David Haugh's In the Wake of the News
10:08 PM EDT, September 9, 2012
Listen up, Bears fans.
Your quarterback had even more to say Sunday after the statement the Bears issued to the rest of the NFL with a 41-21 victory over the Colts at Soldier Field. And Jay Cutler was even polite.
"Please, please, please, let's tone it down a little bit when we're down on the 20,'' Cutler said. "You're more than welcome to yell, scream, do whatever you want to do after the score. But, please, let's quiet the stadium down and save it for after the score. Thank you.''
Everybody in the end-zone seats Cutler tried in vain to shush, you are forgiven. Everybody unfamiliar with the etiquette of cheering for an offensive football team, you will learn.
Chicago simply doesn't know how to act yet with a Bears offense this explosive.
"We're trying to build a new thing here in Chicago,'' Brandon Marshall said.
Around here, Cutler and Marshall are in no danger of patent infringement when it comes to building a big-play offense like the model we saw in the season opener.
After a shaky start, the Bears offense looked Super. Take away Cutler's first four snaps and sports-talk radio dialers would have to call their moms on Monday because little else merited complaints.
"You kind of have to pick what you're going to do against us,'' Cutler said.
The variety of options allows Cutler to overcome the type of adversity he created early when he played as if he didn't realize the preseason was over. Cutler turned a simple out route to Matt Forte into a 7-0 deficit when he left the ball inside and Colts linebacker Jerrell Freeman intercepted it and returned it 4 yards for a touchdown.
"If we weren't able to overcome it, then it would have been a really bad thing,'' Cutler said.
Accepting responsibility, Cutler blamed bad footwork. Maybe he just felt disoriented from being in a huddle full of bona fide playmakers for the first time since becoming a Bear.
Five receivers caught a pass for 24 yards or more and three wide receivers — Brandon Marshall, Alshon Jeffery and Earl Bennett — combined for 249 yards. A sizzling Cutler completed 20 of 25 for 320 yards with a 145.3 passer rating after starting 1-for-10 with that dreadful interception.
For a while, it appeared the Indy 500 would be the Bears yardage total. They fell only 72 short in what was the Bears' fifth-highest total under Lovie Smith. The running game clicked with Michael Bush's two short-yardage touchdowns complementing Matt Forte's 80 yards and a touchdown on 16 carries just as general manager Phil Emery imagined. The offensive line gave up only two sacks — one in the final 69 snaps. The balance every good game plan needs came courtesy of offensive coordinator Mike Tice with 35 pass plays compared with 33 runs.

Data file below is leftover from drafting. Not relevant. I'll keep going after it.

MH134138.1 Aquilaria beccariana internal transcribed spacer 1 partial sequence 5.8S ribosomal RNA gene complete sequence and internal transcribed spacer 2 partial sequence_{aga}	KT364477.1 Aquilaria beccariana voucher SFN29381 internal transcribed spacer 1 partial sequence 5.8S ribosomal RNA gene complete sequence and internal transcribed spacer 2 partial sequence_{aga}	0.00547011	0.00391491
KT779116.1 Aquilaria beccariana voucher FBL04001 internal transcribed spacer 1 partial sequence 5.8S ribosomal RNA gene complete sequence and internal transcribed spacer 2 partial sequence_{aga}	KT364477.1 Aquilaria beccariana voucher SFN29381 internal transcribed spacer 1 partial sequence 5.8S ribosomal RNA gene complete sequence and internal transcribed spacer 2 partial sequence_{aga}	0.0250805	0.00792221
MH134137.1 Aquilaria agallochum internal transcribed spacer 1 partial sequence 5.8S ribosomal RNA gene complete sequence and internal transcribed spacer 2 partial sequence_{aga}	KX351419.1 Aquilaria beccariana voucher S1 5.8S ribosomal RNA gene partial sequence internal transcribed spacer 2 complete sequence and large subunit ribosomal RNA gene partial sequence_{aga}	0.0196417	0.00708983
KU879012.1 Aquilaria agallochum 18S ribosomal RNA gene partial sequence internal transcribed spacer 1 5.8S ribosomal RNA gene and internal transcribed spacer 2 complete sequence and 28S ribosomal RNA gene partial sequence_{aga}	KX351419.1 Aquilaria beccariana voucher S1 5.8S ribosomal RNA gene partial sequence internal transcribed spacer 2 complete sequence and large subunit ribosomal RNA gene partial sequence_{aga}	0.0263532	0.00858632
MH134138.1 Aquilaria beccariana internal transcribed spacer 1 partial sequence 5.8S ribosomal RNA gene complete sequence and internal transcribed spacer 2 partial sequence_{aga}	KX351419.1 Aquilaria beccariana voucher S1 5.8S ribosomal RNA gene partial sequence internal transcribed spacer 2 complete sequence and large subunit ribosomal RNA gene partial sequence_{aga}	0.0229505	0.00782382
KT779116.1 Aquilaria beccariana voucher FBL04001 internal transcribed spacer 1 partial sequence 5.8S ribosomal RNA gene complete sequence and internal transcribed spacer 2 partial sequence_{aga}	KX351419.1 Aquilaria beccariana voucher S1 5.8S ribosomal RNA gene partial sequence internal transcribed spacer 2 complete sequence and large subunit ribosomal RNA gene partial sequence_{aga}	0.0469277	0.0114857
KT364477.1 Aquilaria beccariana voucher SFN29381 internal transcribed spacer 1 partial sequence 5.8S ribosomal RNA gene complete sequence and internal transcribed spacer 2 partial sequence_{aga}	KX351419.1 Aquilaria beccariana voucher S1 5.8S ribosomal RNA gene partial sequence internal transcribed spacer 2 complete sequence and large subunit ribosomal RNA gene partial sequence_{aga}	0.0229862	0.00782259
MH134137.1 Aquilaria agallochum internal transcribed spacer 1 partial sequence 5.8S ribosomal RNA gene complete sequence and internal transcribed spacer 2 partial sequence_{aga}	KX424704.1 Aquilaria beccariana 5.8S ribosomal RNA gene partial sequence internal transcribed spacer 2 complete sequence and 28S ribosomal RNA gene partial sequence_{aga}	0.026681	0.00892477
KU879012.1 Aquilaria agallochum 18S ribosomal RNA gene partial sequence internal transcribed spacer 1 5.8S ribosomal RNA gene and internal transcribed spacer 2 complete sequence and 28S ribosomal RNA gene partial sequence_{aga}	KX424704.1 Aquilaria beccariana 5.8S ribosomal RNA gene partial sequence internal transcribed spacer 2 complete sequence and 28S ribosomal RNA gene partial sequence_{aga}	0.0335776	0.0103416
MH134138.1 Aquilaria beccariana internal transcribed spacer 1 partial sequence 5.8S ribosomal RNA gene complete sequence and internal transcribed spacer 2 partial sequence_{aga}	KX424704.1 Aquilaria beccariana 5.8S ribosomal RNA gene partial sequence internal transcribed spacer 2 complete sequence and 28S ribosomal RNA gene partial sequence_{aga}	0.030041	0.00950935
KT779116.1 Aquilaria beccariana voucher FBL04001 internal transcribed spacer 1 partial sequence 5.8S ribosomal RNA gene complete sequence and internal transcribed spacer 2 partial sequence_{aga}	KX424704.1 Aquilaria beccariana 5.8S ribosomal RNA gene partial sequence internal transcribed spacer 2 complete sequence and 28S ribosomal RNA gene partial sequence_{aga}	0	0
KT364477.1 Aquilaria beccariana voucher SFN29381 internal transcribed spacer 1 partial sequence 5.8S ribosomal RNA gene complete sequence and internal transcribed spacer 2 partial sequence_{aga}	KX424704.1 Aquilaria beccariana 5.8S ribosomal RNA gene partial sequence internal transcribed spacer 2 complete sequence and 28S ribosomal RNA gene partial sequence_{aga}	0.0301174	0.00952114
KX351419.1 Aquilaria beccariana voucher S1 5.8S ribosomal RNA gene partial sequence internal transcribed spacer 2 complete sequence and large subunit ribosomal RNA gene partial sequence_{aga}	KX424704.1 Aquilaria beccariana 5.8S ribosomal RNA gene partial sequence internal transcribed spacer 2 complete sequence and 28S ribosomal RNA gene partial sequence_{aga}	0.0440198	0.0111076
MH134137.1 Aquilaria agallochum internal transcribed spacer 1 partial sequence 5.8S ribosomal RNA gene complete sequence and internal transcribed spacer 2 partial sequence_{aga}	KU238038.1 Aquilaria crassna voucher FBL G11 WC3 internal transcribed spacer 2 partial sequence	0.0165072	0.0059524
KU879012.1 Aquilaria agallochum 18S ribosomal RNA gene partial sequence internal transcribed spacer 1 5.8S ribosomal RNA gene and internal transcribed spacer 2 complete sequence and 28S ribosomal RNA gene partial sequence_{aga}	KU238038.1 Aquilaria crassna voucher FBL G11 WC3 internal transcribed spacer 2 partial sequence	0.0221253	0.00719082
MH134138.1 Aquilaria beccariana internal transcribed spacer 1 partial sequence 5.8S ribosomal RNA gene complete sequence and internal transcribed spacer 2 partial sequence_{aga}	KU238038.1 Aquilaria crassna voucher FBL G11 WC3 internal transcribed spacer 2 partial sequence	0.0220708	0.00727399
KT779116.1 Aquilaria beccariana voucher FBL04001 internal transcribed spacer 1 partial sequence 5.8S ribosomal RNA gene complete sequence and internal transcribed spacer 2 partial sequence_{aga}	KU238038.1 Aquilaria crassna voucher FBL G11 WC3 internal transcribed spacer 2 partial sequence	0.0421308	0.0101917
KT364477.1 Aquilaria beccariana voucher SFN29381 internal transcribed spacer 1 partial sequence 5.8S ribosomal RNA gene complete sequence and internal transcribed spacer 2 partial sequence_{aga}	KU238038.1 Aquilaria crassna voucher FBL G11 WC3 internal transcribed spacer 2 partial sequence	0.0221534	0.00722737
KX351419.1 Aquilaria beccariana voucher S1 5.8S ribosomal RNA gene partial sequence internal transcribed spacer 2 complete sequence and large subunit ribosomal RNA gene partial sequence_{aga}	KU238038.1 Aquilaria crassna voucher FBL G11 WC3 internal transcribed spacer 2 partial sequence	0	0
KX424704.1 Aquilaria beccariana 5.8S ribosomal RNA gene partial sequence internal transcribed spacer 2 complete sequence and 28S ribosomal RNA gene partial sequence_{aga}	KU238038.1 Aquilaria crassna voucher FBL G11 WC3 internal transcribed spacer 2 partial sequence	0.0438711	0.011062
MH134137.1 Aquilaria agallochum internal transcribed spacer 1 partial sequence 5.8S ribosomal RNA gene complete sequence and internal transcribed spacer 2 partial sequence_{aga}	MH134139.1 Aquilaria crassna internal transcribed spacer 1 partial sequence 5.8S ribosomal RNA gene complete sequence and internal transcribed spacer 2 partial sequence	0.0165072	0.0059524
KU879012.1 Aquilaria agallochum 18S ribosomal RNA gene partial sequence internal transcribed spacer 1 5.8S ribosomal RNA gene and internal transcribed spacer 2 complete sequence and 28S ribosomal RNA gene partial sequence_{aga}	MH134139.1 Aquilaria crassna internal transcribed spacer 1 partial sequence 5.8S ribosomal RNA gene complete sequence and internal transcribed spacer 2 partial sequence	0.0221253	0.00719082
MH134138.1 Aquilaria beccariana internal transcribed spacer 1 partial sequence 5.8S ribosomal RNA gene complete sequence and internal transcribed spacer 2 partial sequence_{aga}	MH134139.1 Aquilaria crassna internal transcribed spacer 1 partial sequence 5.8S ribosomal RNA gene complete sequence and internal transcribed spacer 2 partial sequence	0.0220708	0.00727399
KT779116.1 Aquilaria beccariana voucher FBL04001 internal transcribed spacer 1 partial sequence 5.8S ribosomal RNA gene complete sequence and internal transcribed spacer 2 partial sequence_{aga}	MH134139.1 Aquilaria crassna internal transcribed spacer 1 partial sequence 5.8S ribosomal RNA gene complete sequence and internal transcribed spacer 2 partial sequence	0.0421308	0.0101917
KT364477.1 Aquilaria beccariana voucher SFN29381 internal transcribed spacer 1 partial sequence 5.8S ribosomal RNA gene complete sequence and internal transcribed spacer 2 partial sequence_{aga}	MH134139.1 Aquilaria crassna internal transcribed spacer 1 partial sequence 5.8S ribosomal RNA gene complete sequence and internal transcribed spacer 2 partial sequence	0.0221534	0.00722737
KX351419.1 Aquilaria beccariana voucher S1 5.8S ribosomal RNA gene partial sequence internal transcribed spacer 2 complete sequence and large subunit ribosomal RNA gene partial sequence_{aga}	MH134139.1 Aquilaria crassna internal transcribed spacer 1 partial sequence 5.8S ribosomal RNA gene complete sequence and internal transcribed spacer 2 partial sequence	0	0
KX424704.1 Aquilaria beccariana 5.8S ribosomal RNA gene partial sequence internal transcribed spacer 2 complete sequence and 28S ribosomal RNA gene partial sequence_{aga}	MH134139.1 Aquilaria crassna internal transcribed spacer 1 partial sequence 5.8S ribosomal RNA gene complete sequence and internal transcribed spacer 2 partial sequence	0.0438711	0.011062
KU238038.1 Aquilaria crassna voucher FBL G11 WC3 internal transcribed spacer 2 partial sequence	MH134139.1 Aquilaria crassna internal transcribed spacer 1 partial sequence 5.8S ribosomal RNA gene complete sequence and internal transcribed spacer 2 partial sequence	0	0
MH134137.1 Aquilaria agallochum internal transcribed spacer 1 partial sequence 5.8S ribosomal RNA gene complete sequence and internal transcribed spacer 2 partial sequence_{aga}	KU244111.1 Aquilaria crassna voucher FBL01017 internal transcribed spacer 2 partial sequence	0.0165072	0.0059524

Not since 1986 against the Browns have the Bears scored as many points in an opener. Impossible to measure statistically will be the credibility the Bears offense gained around the league by delivering on the promise of the offseason.
Everybody expected Marshall and Cutler to pick up where they left off in Denver four years ago and Marshall's nine catches for 119 yards only made the Colts' decision to play man coverage against him all the odder.
"I thought Indy wasn't scared of him,'' Cutler said.
The Packers will be. So should most of the Bears' remaining opponents, which made Jeffery's fourth-quarter, 42-yard TD reception meaningful to more than just fantasy-football owners. When Jeffery came down with his first NFL touchdown, I wondered how many times in Cutler's previous three seasons he had thrown similarly beautiful spirals lesser receivers failed to convert into six points.
I knew I never had seen a Bears wide receiving corps potentially this dangerous — the same conclusion most NFL defensive coordinators will reach.
"For our team it was important,'' Smith said of the big plays in the passing game. "Because what we say we're going to be as a football team is important to let everybody see right away what that can be and what it can look like.''
The Bears looked like legitimate Super Bowl contenders because of the way they got off the bus running pass routes nobody could cover.
An offense diversified enough to score 41 points and control the ball for 35:28 helped prevent the Colts from hurting a vulnerable Bears defense on the ground and helped their pass rush take (Andrew) Luck out of the equation. An offense potent enough to build a 20-point lead allowed Smith to rest Brian Urlacher after the Bears saw enough of the rusty linebacker to know what he can — and can't — do.
An offense with Cutler connecting with Marshall only promises to create more noise. Consider yourself warned, season ticket holders.